African Union (AU) forces in Somalia (AMISOM) should impartially investigate the killing by alleged Ugandan army troops of six men at a wedding on July 31, 2015, in the Somali port town of Merka, Human Rights Watch said Friday.
The investigation should be carried out with maximum protection for witnesses, and the Ugandan government should fairly prosecute any of its soldiers responsible for criminal offenses.
Witnesses told Human Rights Watch that following a bomb attack on an AMISOM convoy, Ugandan forces entered several nearby houses in Merka’s Rusiya neighborhood. At one house, where the Moalim Iidey family was celebrating a wedding, the soldiers separated the men from the women and shot the six adult men – four brothers, their father, and an uncle. Four died immediately, one brother hid under a bed after being shot but later died, and the father died during the night after the soldiers allegedly refused to allow the family to take him to the hospital.
“African Union forces in Somalia face difficult challenges, but that makes respecting the laws of war even more crucial,” said Maria Burnett, senior Africa researcher at Human Rights Watch. “Gunning down people at a wedding or anyone else in cold blood as punishment for insurgent attacks will only make things harder for the African Union forces in the future.”
Under international humanitarian law applicable to the armed conflict in Somalia, parties to the conflict, including troop-contributing countries to the peacekeeping force, have an obligation to investigate alleged war crimes by their forces or forces under their jurisdiction, and appropriately prosecute those responsible.
One witness told Human Rights Watch: “After the explosion everyone in that area ran, because people fear AMISOM a lot. I think the family thought they would be protected because they were celebrating a wedding and thought that would stop AMISOM from killing them. Instead AMISOM turned the wedding into bloody event.”
Those killed were Moalim Iidey Heyle, Omar Moalim Iidey, Yusuf Moalim Iidey known as “Bikole,” Hussein Moalim Iidey, Siid-Ali Moalim Iidey, and Aweys Hassan Hussein known as “Hamarow.”
In 2012, AMISOM troops supporting the Somali army helped retake Merka from the Islamist armed group Al-Shabab. AMISOM forces have remained, but Al-Shabab maintains control over large portions of surrounding rural areas of the Lower Shabelle region. The AMISOM forces now based in Merka are from the Ugandan People’s Defence Forces (UPDF).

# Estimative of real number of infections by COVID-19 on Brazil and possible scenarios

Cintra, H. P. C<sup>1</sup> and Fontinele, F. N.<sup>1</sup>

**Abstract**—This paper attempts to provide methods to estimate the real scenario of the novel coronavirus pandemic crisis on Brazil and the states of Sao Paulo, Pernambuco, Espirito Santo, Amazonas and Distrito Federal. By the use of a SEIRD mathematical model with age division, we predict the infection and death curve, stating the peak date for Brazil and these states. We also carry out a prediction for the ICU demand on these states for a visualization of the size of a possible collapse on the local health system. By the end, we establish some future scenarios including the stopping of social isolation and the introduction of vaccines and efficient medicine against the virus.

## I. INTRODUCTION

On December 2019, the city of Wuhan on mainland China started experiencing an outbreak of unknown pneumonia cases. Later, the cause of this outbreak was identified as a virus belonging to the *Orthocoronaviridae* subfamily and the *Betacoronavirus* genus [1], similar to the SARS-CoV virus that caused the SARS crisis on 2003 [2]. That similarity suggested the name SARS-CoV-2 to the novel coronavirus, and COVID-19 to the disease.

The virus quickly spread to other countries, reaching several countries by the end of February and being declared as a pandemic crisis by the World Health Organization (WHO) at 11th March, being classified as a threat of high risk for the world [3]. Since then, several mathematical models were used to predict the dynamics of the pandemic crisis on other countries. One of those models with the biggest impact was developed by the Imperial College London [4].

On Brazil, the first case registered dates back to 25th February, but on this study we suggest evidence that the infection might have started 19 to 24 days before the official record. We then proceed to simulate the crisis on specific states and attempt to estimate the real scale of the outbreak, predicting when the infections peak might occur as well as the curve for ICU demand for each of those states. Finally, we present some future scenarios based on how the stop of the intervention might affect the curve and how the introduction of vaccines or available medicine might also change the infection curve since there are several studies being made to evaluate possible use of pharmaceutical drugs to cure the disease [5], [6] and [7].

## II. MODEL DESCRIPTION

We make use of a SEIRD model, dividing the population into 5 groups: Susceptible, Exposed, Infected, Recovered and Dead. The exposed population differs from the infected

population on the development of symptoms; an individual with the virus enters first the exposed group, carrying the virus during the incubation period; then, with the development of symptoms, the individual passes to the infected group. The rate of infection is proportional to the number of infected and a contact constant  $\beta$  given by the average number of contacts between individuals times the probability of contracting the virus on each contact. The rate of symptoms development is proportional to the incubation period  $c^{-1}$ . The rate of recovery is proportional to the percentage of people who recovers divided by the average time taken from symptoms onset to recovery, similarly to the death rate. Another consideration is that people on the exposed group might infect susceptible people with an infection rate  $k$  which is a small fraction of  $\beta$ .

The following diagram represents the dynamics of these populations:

AMISOM issued a news release on August 4 stating that its supply convoys had come under repeated attack by Al-Shabab in Merka and that its forces had responded “proportionately” in “self-defense.” The statement also said AMISOM would address allegations of civilian deaths and that the detachment commander had been recalled for questioning.
“AMISOM needs to carry out credible investigations into the events in Merka and elsewhere that would show Somalis that it is committed to holding abusive troops to account,” Burnett said. “The investigation needs to include more than questioning AMISOM’s own soldiers and it will require providing protection to witnesses so that all accounts can be heard.”
The other recent alleged killings of civilians by AMISOM forces in Merka should also be investigated, Human Rights Watch said.
Six witnesses told Human Rights Watch that on July 21, 2015, alleged AMISOM forces had killed at least 11 civilians, including a woman, two teenagers, and two elderly men, in separate incidents in the Jujuuma, Aw Balle, and Rusiya neighborhoods of Merka. AMISOM initially denied reports of civilian deaths and said that its forces had killed five Al-Shabab fighters during a patrol operation.
AMISOM carried out a preliminary investigation into the July 21 killings, and has since created a board of inquiry to look into both that and the July 31 incidents in Merka. None of the survivors of either incident interviewed by Human Rights Watch have yet been interviewed by AMISOM investigators.
Witnesses to both the July 21 and 31 incidents told Human Rights Watch that they feared reprisals from both Al-Shabab and AMISOM. Al-Shabab has executed civilians for allegedly assisting AMISOM forces. AMISOM leadership and troop-contributing countries will need to work carefully to ensure that witnesses who are interviewed are provided confidentiality and necessary security, Human Rights Watch said. This may involve bringing witnesses to Mogadishu and interviewing them in safe locations.
The AU Peace and Security Council deployed the peace support troops known as AMISOM to Somalia in 2007 under a United Nations Security Council mandate. Since then, AMISOM’s mandate, size, and geographical presence have steadily increased. AMISOM is currently conducting a new offensive against Al-Shabab in several regions of south-central Somalia.
On July 28, 2015, the UN Security Council renewed AMISOM’s mandate until May 2016, in a resolution that largely failed to underscore the importance of accountability for abuses by AMISOM forces. The Security Council resolution, however, said the AU should share information gathered through its newly established Civilian Casualty Tracking Analysis and Response Cell with relevant stakeholders, including the UN.
“The military operations in south-central Somalia make accurate information and reporting on abuses against civilians increasingly urgent,” Burnett said. “The willingness of AMISOM and troop-contributing countries to allow scrutiny of their conduct will be indicative of their commitment to accountability.”
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